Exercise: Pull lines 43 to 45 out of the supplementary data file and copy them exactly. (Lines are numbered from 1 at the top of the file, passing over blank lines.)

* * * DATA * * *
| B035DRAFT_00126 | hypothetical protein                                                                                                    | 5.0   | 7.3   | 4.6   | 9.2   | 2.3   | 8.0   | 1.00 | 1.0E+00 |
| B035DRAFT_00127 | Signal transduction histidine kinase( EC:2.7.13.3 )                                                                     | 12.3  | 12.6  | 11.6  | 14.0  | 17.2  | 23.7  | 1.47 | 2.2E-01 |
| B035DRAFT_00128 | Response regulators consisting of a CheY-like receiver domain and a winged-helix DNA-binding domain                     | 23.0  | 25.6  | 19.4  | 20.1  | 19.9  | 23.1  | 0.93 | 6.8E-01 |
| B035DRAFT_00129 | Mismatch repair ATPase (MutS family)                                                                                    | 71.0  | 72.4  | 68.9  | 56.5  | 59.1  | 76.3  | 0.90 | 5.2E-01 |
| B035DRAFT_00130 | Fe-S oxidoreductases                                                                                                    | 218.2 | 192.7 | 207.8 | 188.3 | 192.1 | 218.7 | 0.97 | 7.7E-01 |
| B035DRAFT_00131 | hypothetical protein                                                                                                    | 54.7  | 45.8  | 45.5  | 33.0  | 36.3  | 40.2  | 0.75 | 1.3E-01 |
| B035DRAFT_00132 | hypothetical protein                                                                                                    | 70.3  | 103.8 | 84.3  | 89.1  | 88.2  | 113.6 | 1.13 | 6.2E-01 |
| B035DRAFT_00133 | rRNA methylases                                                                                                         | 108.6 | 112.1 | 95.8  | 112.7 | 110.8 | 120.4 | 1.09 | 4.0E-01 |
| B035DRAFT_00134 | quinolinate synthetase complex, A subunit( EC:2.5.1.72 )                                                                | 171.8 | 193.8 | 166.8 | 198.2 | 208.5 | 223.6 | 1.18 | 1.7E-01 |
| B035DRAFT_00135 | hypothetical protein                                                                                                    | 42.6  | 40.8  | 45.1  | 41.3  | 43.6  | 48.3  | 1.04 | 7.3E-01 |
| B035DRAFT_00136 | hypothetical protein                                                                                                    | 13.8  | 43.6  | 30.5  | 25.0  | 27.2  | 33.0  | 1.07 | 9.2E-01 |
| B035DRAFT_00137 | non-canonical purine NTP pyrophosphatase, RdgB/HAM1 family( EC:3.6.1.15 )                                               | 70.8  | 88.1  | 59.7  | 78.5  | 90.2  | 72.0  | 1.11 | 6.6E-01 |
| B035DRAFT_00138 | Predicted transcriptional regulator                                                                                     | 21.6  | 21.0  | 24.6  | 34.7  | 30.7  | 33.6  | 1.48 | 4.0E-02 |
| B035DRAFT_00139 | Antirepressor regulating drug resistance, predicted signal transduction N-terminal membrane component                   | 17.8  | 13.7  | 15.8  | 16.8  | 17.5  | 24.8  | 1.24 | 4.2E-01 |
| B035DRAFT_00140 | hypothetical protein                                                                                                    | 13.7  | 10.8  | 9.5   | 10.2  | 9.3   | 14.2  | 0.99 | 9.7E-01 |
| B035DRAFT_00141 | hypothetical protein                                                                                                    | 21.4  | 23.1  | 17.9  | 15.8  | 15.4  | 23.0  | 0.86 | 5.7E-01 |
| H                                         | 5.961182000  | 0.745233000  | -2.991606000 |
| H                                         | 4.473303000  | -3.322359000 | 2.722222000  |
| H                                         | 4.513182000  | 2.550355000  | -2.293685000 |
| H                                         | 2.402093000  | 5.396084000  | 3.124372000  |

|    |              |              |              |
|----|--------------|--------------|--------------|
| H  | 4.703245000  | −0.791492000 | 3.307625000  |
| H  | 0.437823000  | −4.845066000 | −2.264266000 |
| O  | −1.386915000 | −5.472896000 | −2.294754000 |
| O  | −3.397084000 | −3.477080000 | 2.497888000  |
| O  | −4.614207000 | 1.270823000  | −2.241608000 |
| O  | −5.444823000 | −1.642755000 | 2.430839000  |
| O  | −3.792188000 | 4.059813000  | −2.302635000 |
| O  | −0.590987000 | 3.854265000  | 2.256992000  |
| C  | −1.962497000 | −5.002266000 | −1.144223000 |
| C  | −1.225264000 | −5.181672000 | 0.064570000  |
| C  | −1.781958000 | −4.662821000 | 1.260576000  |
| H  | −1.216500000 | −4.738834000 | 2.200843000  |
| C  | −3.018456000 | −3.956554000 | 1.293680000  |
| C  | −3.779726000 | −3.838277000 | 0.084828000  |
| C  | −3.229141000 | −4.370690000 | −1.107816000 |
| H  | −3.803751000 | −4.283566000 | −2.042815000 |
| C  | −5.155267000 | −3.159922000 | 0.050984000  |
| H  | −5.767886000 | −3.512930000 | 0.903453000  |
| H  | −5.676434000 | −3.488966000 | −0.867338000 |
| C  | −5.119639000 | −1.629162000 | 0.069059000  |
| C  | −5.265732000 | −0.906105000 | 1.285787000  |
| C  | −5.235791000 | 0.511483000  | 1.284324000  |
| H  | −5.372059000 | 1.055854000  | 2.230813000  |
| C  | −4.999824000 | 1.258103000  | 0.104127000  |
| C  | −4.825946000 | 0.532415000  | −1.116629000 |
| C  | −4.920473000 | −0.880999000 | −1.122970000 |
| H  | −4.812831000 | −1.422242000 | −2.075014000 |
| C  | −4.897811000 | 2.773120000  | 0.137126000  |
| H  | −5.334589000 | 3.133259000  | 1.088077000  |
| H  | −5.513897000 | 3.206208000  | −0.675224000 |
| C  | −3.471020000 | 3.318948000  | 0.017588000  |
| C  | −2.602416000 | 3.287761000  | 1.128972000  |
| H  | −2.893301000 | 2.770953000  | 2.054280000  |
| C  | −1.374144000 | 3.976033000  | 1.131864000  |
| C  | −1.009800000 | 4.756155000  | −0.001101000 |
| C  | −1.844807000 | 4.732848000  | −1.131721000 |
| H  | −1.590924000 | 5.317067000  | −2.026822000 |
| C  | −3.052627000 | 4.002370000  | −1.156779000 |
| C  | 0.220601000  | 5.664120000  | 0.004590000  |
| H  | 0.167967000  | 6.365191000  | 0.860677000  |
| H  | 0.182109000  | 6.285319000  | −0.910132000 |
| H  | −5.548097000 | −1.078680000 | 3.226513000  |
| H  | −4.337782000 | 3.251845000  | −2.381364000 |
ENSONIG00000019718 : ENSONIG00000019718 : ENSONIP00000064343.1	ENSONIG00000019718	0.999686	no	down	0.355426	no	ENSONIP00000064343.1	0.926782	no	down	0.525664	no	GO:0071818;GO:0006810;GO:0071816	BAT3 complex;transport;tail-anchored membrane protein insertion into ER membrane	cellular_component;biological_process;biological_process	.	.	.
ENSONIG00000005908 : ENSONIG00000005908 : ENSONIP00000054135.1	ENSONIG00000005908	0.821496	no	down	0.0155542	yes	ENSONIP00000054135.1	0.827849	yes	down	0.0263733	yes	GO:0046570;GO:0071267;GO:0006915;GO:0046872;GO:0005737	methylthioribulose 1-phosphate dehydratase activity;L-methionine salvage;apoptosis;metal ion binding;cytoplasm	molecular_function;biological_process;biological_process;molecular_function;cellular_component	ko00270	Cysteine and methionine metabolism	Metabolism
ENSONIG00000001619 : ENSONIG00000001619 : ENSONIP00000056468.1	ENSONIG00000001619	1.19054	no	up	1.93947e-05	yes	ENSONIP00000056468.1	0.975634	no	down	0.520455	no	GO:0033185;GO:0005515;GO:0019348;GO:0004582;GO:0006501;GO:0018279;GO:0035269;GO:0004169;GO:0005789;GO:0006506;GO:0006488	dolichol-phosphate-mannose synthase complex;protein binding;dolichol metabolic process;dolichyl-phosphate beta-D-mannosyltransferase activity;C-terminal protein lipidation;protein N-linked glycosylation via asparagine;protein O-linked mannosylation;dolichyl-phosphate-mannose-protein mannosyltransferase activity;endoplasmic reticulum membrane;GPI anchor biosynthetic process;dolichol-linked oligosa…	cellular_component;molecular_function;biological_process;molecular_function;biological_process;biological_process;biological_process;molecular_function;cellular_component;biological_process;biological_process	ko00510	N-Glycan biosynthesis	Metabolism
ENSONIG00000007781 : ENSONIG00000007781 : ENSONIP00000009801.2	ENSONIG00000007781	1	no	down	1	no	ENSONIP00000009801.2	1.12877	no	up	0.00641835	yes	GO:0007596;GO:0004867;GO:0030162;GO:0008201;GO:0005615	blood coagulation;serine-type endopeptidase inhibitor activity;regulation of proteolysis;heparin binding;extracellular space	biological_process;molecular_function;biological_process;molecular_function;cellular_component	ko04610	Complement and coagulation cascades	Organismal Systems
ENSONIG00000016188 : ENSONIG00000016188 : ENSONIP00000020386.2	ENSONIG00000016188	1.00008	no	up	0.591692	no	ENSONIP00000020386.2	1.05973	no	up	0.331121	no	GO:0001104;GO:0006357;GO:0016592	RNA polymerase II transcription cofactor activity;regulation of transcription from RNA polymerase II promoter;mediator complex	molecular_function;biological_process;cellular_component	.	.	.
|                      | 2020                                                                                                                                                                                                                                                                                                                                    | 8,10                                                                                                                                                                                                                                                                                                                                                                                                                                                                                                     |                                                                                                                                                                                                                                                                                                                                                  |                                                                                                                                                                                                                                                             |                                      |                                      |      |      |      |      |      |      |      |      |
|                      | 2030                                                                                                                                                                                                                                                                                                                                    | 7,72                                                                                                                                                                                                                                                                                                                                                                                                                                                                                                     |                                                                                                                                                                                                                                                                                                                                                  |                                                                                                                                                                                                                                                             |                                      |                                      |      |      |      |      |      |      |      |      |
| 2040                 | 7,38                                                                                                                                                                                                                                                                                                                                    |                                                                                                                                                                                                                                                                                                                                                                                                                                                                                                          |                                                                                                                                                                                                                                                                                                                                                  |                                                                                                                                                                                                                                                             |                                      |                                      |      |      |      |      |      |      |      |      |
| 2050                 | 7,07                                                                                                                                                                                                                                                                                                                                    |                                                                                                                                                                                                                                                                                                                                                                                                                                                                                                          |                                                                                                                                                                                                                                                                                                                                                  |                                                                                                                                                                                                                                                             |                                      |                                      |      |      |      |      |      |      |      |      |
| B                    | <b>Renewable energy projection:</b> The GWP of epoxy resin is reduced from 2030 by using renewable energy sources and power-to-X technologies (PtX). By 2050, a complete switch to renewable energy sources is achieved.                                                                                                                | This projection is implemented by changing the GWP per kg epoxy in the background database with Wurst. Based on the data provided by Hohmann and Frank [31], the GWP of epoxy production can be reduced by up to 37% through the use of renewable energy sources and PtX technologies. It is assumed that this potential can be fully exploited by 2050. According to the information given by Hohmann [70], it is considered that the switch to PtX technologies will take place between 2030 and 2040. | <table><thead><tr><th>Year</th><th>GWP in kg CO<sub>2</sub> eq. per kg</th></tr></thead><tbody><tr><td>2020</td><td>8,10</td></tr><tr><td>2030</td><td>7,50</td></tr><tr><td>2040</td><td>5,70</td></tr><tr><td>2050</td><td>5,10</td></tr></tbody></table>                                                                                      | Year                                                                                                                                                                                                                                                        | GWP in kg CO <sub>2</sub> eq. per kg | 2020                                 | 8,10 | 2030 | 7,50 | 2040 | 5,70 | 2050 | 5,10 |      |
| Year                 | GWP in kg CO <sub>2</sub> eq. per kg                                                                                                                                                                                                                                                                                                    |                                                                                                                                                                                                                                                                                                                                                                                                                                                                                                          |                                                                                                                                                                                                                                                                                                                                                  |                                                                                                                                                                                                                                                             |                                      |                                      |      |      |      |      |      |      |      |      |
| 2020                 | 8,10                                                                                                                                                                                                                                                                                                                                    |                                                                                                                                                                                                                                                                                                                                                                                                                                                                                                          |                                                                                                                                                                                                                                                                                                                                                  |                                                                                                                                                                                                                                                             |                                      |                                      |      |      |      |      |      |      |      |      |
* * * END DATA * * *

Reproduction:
| C  | −5.265732000 | −0.906105000 | 1.285787000  |
| C  | −5.235791000 | 0.511483000  | 1.284324000  |
| H  | −5.372059000 | 1.055854000  | 2.230813000  |